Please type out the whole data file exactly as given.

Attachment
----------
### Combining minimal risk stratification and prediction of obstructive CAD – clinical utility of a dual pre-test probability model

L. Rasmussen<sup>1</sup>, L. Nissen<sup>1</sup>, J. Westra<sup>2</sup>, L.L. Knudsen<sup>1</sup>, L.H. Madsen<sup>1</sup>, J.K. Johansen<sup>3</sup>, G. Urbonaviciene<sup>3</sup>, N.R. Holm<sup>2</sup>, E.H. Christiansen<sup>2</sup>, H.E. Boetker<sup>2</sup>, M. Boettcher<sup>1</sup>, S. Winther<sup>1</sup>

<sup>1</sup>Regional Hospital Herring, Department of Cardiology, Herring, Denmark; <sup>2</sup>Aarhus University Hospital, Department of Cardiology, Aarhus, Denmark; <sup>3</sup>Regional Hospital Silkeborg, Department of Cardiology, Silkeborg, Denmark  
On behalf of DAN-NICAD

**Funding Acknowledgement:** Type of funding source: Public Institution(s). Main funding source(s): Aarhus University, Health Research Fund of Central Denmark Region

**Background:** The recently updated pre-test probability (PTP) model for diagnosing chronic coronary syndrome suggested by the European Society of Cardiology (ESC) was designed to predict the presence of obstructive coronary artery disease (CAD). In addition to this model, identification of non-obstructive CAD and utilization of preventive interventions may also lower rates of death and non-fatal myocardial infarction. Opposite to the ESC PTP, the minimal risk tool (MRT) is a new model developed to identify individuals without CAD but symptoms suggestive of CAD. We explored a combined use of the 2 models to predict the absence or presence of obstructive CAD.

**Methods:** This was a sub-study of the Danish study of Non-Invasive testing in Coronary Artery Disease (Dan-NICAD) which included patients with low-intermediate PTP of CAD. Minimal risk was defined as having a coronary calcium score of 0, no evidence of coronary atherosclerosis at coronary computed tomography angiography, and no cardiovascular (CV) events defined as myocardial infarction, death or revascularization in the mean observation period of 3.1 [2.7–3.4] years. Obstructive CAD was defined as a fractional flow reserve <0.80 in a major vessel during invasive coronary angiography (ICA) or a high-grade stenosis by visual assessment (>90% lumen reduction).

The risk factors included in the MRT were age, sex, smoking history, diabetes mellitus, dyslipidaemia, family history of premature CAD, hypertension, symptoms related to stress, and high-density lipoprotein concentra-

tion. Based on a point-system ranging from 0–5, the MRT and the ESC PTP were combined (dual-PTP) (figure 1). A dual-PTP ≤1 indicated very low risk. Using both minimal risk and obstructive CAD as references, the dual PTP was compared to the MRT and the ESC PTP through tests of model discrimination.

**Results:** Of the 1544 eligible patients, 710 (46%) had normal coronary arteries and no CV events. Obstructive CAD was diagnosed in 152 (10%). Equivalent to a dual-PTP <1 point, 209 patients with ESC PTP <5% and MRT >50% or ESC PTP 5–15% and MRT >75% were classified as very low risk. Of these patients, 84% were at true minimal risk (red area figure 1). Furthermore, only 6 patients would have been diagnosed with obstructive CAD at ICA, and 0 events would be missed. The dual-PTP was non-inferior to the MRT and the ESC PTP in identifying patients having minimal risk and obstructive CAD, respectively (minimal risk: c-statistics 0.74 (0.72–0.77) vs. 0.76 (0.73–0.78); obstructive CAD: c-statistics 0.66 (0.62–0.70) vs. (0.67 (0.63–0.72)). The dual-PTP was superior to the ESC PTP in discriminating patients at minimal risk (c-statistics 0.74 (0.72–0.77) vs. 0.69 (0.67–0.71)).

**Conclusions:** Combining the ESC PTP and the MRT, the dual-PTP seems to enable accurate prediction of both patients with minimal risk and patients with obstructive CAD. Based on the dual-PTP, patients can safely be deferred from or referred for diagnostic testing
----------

### Combining minimal risk stratification and prediction of obstructive CAD – clinical utility of a dual pre-test probability model

L. Rasmussen<sup>1</sup>, L. Nissen<sup>1</sup>, J. Westra<sup>2</sup>, L.L. Knudsen<sup>1</sup>, L.H. Madsen<sup>1</sup>, J.K. Johansen<sup>3</sup>, G. Urbonaviciene<sup>3</sup>, N.R. Holm<sup>2</sup>, E.H. Christiansen<sup>2</sup>, H.E. Boetker<sup>2</sup>, M. Boettcher<sup>1</sup>, S. Winther<sup>1</sup>

<sup>1</sup>Regional Hospital Herring, Department of Cardiology, Herring, Denmark; <sup>2</sup>Aarhus University Hospital, Department of Cardiology, Aarhus, Denmark; <sup>3</sup>Regional Hospital Silkeborg, Department of Cardiology, Silkeborg, Denmark  
On behalf of DAN-NICAD

**Funding Acknowledgement:** Type of funding source: Public Institution(s). Main funding source(s): Aarhus University, Health Research Fund of Central Denmark Region

**Background:** The recently updated pre-test probability (PTP) model for diagnosing chronic coronary syndrome suggested by the European Society of Cardiology (ESC) was designed to predict the presence of obstructive coronary artery disease (CAD). In addition to this model, identification of non-obstructive CAD and utilization of preventive interventions may also lower rates of death and non-fatal myocardial infarction. Opposite to the ESC PTP, the minimal risk tool (MRT) is a new model developed to identify individuals without CAD but symptoms suggestive of CAD. We explored a combined use of the 2 models to predict the absence or presence of obstructive CAD.

**Methods:** This was a sub-study of the Danish study of Non-Invasive testing in Coronary Artery Disease (Dan-NICAD) which included patients with low-intermediate PTP of CAD. Minimal risk was defined as having a coronary calcium score of 0, no evidence of coronary atherosclerosis at coronary computed tomography angiography, and no cardiovascular (CV) events defined as myocardial infarction, death or revascularization in the mean observation period of 3.1 [2.7–3.4] years. Obstructive CAD was defined as a fractional flow reserve <0.80 in a major vessel during invasive coronary angiography (ICA) or a high-grade stenosis by visual assessment (>90% lumen reduction).

The risk factors included in the MRT were age, sex, smoking history, diabetes mellitus, dyslipidaemia, family history of premature CAD, hypertension, symptoms related to stress, and high-density lipoprotein concentra-

tion. Based on a point-system ranging from 0–5, the MRT and the ESC PTP were combined (dual-PTP) (figure 1). A dual-PTP ≤1 indicated very low risk. Using both minimal risk and obstructive CAD as references, the dual PTP was compared to the MRT and the ESC PTP through tests of model discrimination.

**Results:** Of the 1544 eligible patients, 710 (46%) had normal coronary arteries and no CV events. Obstructive CAD was diagnosed in 152 (10%). Equivalent to a dual-PTP <1 point, 209 patients with ESC PTP <5% and MRT >50% or ESC PTP 5–15% and MRT >75% were classified as very low risk. Of these patients, 84% were at true minimal risk (red area figure 1). Furthermore, only 6 patients would have been diagnosed with obstructive CAD at ICA, and 0 events would be missed. The dual-PTP was non-inferior to the MRT and the ESC PTP in identifying patients having minimal risk and obstructive CAD, respectively (minimal risk: c-statistics 0.74 (0.72–0.77) vs. 0.76 (0.73–0.78); obstructive CAD: c-statistics 0.66 (0.62–0.70) vs. (0.67 (0.63–0.72)). The dual-PTP was superior to the ESC PTP in discriminating patients at minimal risk (c-statistics 0.74 (0.72–0.77) vs. 0.69 (0.67–0.71)).

**Conclusions:** Combining the ESC PTP and the MRT, the dual-PTP seems to enable accurate prediction of both patients with minimal risk and patients with obstructive CAD. Based on the dual-PTP, patients can safely be deferred from or referred for diagnostic testing